Genzyme, a Sanofi company, recently announced that its investigational enzyme-replacement therapy was granted Breakthrough Therapy designation from US health regulators.
The company said that the agency granted the status to its olipudase alfa for the treatment of patients with nonneurological manifestations of acid sphingomyelinase deficiency (ASMD), also known as Niemann-Pick disease type B, as opposed to type A, which is characterized by neurological involvement.
Winning Breakthrough status provides the company with a speedy review process, as well as access to the FDA for guidance on the olipudase alfa development program.
ASMD is a rare, serious and life-threatening disorder caused by insufficient activity of the enzyme acid sphingomyelinase (ASM), which is required to metabolize a lipid called sphingomyelin. If ASM is absent or not functioning properly, sphingomyelin cannot be metabolized properly and is accumulated within the cell, eventually causing cell death and the malfunction of major organ systems.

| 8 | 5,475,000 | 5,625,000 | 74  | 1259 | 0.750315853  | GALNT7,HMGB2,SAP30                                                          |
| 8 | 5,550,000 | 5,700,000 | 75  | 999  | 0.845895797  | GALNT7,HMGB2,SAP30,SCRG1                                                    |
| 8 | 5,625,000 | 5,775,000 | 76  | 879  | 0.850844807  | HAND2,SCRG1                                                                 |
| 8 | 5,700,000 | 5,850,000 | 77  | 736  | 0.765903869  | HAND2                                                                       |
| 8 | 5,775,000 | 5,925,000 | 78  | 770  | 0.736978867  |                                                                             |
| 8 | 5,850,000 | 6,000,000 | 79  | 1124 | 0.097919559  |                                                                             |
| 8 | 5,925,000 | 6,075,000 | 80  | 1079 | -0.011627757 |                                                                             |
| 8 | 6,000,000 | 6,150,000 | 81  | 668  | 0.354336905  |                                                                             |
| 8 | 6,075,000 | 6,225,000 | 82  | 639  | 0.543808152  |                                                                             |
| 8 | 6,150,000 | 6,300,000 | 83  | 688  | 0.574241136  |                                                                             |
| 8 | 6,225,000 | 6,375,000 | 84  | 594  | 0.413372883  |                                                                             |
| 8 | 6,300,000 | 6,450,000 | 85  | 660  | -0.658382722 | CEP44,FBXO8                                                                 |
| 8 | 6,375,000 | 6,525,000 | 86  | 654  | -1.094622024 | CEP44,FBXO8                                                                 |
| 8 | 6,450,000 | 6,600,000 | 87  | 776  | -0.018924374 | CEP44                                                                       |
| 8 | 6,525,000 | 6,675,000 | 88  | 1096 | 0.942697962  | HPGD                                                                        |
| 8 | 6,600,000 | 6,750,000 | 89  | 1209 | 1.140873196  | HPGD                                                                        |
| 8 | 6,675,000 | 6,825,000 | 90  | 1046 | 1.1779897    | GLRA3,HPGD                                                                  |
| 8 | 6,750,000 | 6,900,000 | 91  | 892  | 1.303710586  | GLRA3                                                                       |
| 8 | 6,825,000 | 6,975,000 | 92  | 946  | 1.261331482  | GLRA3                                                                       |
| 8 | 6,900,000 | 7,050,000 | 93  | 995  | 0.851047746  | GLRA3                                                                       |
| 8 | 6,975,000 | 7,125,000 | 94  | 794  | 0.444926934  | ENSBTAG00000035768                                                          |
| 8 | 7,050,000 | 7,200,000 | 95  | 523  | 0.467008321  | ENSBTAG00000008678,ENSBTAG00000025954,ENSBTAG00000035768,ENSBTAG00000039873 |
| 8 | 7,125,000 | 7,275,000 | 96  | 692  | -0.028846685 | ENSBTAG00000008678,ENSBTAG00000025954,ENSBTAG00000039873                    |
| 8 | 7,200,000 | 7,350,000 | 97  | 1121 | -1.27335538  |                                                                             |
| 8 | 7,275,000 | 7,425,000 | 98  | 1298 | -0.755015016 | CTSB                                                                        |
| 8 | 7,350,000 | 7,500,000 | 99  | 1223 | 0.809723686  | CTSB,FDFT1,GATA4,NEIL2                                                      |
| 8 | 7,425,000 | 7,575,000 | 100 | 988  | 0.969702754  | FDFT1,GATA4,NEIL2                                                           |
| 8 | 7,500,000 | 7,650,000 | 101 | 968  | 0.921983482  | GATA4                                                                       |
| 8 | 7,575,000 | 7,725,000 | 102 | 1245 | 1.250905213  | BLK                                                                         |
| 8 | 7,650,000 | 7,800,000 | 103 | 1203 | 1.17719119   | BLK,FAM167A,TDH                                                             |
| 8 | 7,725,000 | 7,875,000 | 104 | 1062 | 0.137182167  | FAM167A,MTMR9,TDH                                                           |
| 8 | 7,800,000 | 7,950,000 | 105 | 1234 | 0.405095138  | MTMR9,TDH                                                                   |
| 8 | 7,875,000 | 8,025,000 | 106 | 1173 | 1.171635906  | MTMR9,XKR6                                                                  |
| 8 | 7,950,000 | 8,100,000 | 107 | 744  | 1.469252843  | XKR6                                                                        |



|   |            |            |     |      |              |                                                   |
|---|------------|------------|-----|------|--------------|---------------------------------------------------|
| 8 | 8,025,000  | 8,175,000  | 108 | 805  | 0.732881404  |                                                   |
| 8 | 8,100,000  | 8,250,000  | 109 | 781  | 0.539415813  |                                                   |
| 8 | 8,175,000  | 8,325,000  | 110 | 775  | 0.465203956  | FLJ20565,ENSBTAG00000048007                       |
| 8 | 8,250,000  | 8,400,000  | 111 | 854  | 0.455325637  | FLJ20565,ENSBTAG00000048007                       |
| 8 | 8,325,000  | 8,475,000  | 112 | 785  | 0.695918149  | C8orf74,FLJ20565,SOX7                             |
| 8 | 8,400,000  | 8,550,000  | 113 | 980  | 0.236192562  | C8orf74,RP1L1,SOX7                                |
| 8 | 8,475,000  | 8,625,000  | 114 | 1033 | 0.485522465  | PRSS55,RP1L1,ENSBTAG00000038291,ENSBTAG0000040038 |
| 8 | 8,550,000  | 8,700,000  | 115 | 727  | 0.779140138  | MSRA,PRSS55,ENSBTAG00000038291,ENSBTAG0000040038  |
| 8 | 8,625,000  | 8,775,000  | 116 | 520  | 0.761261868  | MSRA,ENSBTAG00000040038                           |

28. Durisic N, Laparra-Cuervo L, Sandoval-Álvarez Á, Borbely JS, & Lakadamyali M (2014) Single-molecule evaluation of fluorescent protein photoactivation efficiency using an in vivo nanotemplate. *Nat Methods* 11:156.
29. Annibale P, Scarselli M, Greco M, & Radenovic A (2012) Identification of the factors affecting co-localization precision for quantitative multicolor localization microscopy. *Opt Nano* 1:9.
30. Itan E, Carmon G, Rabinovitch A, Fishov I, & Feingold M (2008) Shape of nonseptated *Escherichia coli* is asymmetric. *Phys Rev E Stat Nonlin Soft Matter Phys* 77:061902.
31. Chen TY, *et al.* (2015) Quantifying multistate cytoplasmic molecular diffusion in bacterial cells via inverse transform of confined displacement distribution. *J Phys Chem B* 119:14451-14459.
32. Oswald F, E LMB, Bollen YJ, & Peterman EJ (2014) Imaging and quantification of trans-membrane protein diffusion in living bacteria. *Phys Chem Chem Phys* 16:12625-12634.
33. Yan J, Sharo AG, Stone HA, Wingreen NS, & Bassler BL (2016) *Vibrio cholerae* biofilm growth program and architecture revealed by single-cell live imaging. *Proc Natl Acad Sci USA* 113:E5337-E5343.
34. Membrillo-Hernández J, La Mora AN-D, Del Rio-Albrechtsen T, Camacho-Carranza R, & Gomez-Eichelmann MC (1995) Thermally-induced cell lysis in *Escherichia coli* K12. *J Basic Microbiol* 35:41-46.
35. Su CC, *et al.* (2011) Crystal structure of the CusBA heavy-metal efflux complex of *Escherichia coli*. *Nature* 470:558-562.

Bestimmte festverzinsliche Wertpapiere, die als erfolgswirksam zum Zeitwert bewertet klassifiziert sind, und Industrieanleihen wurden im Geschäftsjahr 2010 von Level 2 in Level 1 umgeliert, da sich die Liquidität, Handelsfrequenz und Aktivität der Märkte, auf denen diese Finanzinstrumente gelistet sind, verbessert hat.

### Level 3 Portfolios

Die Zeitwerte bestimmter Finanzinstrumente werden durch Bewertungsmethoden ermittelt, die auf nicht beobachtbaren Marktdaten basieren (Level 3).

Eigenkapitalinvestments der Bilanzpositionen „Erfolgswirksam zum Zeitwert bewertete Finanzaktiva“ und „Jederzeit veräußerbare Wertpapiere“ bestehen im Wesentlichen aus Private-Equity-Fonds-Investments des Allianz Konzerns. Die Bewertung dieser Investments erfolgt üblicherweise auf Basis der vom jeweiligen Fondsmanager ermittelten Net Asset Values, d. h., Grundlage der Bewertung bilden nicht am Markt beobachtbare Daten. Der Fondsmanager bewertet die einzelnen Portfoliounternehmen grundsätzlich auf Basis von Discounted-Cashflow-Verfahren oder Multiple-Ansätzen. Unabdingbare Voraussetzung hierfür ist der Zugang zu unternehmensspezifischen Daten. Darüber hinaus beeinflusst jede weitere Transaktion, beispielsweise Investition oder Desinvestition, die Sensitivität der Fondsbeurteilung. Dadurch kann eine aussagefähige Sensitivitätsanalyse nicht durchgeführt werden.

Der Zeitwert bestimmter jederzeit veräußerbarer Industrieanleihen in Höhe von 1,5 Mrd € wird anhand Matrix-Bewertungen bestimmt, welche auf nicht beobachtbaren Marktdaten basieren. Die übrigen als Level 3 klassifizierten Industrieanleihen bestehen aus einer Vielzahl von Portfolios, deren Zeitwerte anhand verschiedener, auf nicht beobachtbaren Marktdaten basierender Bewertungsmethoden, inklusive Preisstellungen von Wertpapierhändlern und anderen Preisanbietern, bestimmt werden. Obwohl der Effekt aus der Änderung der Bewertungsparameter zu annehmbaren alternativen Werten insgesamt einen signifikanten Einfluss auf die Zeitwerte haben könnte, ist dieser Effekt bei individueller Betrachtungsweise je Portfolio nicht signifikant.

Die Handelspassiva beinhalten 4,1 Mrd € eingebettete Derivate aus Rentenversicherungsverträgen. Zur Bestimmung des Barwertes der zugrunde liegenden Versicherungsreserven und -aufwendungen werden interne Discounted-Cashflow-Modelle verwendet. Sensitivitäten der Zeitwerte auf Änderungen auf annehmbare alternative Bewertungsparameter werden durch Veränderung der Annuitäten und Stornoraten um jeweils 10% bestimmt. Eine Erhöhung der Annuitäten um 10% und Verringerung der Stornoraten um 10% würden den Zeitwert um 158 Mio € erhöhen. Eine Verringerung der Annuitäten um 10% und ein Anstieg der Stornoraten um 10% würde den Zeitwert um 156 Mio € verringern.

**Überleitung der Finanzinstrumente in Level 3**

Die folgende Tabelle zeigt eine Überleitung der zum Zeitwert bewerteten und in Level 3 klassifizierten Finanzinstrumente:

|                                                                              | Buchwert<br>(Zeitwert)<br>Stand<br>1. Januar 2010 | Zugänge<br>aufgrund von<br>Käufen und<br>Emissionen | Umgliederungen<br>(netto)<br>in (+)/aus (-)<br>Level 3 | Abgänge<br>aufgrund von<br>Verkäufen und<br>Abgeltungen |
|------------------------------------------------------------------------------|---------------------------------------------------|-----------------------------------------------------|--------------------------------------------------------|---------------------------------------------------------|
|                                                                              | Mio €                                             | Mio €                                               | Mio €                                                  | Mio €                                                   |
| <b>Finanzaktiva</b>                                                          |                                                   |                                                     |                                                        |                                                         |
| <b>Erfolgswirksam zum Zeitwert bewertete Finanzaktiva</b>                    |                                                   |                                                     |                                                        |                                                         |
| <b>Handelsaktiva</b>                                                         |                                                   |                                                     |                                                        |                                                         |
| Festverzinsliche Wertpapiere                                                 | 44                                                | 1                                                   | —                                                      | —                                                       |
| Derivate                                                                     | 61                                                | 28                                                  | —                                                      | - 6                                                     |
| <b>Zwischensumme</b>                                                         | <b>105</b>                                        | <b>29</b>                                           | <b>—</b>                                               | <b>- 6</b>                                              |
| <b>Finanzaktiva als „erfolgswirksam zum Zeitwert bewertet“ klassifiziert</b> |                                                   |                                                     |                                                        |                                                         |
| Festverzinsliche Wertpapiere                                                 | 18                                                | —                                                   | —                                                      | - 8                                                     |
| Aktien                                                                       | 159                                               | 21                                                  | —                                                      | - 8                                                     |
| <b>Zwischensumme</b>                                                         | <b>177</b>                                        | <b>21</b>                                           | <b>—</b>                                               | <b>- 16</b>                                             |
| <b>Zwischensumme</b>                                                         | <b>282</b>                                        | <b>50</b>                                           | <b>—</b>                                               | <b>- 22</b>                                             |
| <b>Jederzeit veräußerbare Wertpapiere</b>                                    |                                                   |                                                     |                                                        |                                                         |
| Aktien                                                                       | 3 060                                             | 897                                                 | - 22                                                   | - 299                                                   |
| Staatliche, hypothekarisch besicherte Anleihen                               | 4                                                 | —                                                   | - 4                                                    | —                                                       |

Olipudase alfa is being developed to potentially address the fundamental defect underlying ASMD. According to Genzyme, supplementing the defective or deficient native enzyme with olipudase alfa allows for the breakdown of sphingomyelin. The company has started enrolling patients in the Phase I/II pediatric study and is preparing to enroll patients in a Phase II/III adult study in the second half of 2015.
“There is tremendous unmet need in the ASMD/Niemann-Pick disease type B community, and we are hopeful that olipudase alfa can be developed into a meaningful treatment for patients,” said Genzyme’s Global Head of Rare Diseases, Richard Peters, MD, PhD. “We appreciate FDA’s support for this important program giving us the opportunity to utilize an important expedited drug development pathway for olipudase alfa and providing hope for patients affected with a chronic and progressively debilitating disease.”
The Breakthrough designation was based on results from a Phase Ib study evaluating the drug. Findings in five adult patients with nonneuronophatic ASMD were presented in February at the Lysosomal Disease Network’s WORLD Symposium.
Last updated: 6/8/15; 11:00am EST